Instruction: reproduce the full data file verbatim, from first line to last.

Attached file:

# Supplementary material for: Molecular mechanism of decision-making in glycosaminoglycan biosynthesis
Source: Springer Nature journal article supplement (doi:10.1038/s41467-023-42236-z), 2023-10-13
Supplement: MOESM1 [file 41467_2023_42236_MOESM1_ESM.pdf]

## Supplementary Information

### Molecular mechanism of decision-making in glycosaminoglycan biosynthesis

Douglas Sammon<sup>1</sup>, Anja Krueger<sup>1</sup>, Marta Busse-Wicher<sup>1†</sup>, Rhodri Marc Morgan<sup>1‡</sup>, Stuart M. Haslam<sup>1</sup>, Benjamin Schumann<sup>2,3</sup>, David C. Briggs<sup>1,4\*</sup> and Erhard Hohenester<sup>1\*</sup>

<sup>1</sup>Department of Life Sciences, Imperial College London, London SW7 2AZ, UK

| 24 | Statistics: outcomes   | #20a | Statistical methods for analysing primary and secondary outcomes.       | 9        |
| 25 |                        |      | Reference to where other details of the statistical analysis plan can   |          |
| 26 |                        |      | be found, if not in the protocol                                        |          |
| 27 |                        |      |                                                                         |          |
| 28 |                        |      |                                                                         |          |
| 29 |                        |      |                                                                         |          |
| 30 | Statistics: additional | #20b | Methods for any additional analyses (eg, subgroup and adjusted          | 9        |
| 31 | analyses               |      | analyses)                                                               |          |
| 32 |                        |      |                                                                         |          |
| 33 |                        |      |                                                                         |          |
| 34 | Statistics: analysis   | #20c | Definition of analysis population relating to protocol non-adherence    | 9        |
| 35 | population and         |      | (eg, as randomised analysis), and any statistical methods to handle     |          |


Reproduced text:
# Supplementary material for: Molecular mechanism of decision-making in glycosaminoglycan biosynthesis
Source: Springer Nature journal article supplement (doi:10.1038/s41467-023-42236-z), 2023-10-13
Supplement: MOESM1 [file 41467_2023_42236_MOESM1_ESM.pdf]

## Supplementary Information

### Molecular mechanism of decision-making in glycosaminoglycan biosynthesis

Douglas Sammon<sup>1</sup>, Anja Krueger<sup>1</sup>, Marta Busse-Wicher<sup>1†</sup>, Rhodri Marc Morgan<sup>1‡</sup>, Stuart M. Haslam<sup>1</sup>, Benjamin Schumann<sup>2,3</sup>, David C. Briggs<sup>1,4\*</sup> and Erhard Hohenester<sup>1\*</sup>

<sup>1</sup>Department of Life Sciences, Imperial College London, London SW7 2AZ, UK

| 24 | Statistics: outcomes   | #20a | Statistical methods for analysing primary and secondary outcomes.       | 9        |
| 25 |                        |      | Reference to where other details of the statistical analysis plan can   |          |
| 26 |                        |      | be found, if not in the protocol                                        |          |
| 27 |                        |      |                                                                         |          |
| 28 |                        |      |                                                                         |          |
| 29 |                        |      |                                                                         |          |
| 30 | Statistics: additional | #20b | Methods for any additional analyses (eg, subgroup and adjusted          | 9        |
| 31 | analyses               |      | analyses)                                                               |          |
| 32 |                        |      |                                                                         |          |
| 33 |                        |      |                                                                         |          |
| 34 | Statistics: analysis   | #20c | Definition of analysis population relating to protocol non-adherence    | 9        |
| 35 | population and         |      | (eg, as randomised analysis), and any statistical methods to handle     |          |